8. We've gotten off the original topic of the drag brace so I started another thread about the new discussion.
  9. This is an extension of the UH-1 Drag Brace topic, but it seems appropriate to start a new thread about it. In the other thread there was talk of ICC requirements and "company critical task lists", etc. GrayHorizons is right when he says that human factors are complex when it comes to maintenance slips. In my mind no amount of regulation or company policy will substitute for an experienced, conscientious professional pilot/mechanic team. I want to point out that this is not mechanic bashing. Pilots should be judged just as critically. To me, it is about confidence. Here is what I mea
  10. ...and we're still hung up debating the legal issue.
  11. Don't want to waste the space qoting the whole post but 6/13/18 "Tang, bolt and nut we're in place... Finger tight... Found on preflight"
  12. Exactly! When we have too many rules and policies, we lose the ability to think for ourselves. It doesn't matter if it's flight controls, transmission mounts or the connecting rod bolts on your race car engine. Some things are critical so check them twice. And have someone else check them if you can. We need to teach the young mechanics and pilots to do the right thing even if they're not told to by rule or policy.
  13. You are correct SwingWing that one should look at the mast nut on preflight. Please read the previous post to find out when that discrepancy was discovered. Also, next time you're up there, think about how you look at it. From the top you will see that everything is in place. You may even feel that the nut is in place but actually seeing that the nut is not tight is a different matter.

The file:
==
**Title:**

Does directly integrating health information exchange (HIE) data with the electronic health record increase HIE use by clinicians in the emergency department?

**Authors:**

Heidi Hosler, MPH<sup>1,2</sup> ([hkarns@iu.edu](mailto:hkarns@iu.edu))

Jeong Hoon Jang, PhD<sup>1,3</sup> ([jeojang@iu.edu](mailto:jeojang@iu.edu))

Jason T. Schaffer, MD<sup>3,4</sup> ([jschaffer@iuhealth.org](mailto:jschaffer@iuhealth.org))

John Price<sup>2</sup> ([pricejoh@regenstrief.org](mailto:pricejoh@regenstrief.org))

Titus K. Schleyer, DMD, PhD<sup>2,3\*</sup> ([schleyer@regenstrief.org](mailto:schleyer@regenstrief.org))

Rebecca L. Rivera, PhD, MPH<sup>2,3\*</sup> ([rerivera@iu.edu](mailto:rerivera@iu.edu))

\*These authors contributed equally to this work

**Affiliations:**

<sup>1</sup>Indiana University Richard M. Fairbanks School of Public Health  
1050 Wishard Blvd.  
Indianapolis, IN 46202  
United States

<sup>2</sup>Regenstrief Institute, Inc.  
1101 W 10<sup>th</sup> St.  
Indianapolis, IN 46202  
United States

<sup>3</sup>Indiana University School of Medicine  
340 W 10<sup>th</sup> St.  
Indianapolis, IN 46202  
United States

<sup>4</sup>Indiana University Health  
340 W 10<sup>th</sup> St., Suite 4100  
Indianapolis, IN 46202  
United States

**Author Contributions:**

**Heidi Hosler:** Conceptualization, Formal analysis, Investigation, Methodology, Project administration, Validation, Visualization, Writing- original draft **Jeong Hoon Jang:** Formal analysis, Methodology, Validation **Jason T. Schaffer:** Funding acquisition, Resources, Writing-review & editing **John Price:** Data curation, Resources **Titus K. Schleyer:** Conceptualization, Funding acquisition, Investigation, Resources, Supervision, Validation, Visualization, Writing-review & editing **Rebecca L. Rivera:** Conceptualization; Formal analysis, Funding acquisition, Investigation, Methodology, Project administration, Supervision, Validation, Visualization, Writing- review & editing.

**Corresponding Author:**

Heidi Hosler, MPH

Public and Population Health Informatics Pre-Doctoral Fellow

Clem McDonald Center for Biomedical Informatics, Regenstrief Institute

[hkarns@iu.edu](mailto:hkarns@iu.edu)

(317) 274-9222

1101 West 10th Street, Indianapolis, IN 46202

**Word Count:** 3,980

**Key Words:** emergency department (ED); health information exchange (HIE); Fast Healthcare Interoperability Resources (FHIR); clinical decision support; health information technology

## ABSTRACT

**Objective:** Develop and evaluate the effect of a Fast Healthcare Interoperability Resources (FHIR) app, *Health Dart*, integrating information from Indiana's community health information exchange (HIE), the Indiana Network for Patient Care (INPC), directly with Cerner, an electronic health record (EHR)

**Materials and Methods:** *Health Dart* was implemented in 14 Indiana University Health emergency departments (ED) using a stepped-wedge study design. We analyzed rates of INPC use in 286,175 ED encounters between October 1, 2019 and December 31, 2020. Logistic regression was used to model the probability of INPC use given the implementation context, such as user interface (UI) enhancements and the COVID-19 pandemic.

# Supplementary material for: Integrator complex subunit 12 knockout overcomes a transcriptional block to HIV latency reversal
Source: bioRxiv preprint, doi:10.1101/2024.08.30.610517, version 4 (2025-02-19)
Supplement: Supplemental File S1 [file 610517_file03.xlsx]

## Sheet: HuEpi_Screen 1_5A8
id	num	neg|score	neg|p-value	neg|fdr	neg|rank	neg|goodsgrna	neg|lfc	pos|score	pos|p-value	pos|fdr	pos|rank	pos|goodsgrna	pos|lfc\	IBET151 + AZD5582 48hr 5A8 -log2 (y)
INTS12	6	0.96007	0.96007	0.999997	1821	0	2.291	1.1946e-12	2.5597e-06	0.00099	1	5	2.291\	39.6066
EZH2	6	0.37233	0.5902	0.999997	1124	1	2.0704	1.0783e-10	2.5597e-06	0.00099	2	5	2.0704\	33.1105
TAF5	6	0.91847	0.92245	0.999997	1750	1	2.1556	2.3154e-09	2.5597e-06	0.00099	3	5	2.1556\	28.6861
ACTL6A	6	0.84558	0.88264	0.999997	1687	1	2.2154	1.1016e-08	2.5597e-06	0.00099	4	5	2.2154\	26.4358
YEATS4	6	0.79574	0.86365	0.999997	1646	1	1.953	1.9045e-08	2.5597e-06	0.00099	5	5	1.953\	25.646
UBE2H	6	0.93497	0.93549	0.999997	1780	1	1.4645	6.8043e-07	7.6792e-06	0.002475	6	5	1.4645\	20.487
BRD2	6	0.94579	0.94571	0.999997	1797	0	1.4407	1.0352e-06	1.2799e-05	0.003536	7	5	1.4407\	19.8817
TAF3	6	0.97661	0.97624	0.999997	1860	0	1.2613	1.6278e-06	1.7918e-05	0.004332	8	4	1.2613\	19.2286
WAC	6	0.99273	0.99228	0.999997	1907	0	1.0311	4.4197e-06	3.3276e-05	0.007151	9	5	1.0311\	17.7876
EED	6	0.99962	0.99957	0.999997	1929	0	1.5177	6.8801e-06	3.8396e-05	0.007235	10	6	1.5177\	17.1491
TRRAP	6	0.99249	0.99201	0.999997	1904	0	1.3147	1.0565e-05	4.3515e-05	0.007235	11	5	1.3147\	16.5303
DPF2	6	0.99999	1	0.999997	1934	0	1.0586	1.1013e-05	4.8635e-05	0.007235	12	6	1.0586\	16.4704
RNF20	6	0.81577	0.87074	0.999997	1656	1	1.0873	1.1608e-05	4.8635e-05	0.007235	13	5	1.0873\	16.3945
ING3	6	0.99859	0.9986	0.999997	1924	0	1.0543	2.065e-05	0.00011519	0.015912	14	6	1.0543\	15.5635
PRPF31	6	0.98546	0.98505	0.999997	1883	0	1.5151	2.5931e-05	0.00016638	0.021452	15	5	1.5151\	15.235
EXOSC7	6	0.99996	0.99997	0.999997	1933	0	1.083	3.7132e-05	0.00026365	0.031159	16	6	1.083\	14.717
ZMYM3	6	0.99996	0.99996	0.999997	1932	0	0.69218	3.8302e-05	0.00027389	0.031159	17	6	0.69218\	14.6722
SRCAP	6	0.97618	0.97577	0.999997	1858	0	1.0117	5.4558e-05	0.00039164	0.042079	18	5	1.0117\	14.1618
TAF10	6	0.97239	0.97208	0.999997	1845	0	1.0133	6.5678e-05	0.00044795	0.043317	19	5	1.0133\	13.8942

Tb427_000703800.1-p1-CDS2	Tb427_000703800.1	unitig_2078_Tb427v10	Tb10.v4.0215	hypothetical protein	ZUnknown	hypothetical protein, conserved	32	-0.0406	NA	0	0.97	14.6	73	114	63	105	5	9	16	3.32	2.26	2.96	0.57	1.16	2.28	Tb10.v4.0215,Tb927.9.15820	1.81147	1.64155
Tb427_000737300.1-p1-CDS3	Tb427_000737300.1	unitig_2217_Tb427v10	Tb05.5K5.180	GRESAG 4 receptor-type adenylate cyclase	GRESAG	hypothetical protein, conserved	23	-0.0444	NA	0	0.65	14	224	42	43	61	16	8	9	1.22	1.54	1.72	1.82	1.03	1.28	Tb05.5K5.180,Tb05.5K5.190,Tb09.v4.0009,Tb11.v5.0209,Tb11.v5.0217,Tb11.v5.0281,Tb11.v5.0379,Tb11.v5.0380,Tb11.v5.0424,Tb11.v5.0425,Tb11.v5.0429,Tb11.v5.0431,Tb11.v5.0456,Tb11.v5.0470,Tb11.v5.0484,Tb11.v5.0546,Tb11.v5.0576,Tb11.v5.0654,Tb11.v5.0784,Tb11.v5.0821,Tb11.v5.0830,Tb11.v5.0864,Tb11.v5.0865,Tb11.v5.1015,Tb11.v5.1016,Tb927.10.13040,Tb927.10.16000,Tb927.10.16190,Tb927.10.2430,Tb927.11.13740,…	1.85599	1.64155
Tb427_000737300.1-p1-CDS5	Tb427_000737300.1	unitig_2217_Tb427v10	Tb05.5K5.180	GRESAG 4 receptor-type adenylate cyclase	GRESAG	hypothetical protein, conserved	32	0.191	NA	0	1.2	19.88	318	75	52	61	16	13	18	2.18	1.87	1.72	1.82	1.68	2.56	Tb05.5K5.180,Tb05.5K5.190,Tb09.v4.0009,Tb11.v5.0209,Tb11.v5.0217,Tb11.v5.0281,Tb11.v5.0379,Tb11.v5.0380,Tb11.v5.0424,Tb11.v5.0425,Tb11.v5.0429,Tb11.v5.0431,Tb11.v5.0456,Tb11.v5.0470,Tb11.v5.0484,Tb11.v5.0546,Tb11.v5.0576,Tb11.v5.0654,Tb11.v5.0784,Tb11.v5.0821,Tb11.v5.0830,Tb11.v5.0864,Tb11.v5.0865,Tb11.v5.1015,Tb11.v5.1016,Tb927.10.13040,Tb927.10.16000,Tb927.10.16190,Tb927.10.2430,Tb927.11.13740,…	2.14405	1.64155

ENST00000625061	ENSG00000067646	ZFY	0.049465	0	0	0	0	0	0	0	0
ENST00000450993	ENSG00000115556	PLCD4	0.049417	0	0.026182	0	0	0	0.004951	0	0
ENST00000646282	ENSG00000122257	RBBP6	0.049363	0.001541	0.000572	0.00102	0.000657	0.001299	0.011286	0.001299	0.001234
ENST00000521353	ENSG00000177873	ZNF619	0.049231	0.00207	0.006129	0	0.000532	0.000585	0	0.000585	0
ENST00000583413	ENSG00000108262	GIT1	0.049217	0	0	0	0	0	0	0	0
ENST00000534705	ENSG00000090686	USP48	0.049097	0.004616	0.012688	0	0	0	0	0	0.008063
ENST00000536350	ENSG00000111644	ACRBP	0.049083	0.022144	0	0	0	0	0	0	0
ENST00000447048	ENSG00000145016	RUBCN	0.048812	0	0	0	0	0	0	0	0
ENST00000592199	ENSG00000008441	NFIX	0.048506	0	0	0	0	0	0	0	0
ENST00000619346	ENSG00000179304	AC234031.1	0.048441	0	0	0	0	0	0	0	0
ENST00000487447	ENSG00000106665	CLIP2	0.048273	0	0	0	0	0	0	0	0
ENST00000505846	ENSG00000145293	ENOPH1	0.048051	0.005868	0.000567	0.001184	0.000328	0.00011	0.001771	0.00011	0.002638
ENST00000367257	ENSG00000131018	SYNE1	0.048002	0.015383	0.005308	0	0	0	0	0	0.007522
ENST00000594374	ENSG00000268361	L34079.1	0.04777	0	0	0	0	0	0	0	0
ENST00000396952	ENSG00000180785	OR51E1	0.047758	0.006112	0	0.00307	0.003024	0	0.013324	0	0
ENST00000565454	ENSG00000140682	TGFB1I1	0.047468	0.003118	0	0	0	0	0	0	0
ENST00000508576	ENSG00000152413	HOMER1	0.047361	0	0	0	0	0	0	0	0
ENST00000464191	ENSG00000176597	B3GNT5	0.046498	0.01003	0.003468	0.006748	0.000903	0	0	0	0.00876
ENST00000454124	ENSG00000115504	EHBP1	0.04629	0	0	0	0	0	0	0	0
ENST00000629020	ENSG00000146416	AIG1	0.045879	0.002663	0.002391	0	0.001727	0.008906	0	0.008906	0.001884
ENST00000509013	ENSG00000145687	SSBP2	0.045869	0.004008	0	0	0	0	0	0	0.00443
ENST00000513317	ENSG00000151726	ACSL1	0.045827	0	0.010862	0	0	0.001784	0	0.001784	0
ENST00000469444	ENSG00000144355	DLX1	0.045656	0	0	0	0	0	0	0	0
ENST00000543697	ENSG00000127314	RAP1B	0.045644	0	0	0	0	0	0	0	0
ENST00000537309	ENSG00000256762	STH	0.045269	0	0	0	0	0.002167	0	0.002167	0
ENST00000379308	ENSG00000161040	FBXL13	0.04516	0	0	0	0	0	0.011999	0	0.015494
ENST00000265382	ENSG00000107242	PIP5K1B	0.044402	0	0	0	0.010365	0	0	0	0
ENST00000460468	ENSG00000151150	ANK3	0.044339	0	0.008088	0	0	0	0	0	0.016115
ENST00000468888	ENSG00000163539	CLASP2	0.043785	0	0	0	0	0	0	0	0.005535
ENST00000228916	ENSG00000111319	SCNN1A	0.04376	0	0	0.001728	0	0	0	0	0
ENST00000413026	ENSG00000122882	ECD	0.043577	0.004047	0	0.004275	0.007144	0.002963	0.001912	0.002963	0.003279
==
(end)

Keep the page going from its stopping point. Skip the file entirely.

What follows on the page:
14. Sorry I checked out for a while... Been in the bush. Where to start?... First, I agree that the safety weinies are important. I was was one for a while and one thing that I learned is that adding another item to a checklist or another signoff (the ICC) is not always the answer. Apparently there is debate about whether a mast nut qualifies. I think it is more important that people think about what they are doing than to blindly follow procedures. We shouldn't have to tell someone that a mast nut is important so be extrat careful. Also, it is important that we are all able to talk
  15. Sorry GrayHorizons. I can't resist. I was actually just poking back in good natured fun (I didn't realize the US/Canada thing was really a thing.) But the last post... Three_Per.... Bell Helicopter a Canadian company; really!? Is this the same Bell Aircraft that was started in New York and currently headquarted in Texas? Will you tell me next that Eurocopter is Canadian as well? Update on the original story: Grumpy DOM won't even speak to me know... Sad state of affairs... I just want to walk through the shop and feel the confidence that I had when I told everyone this comp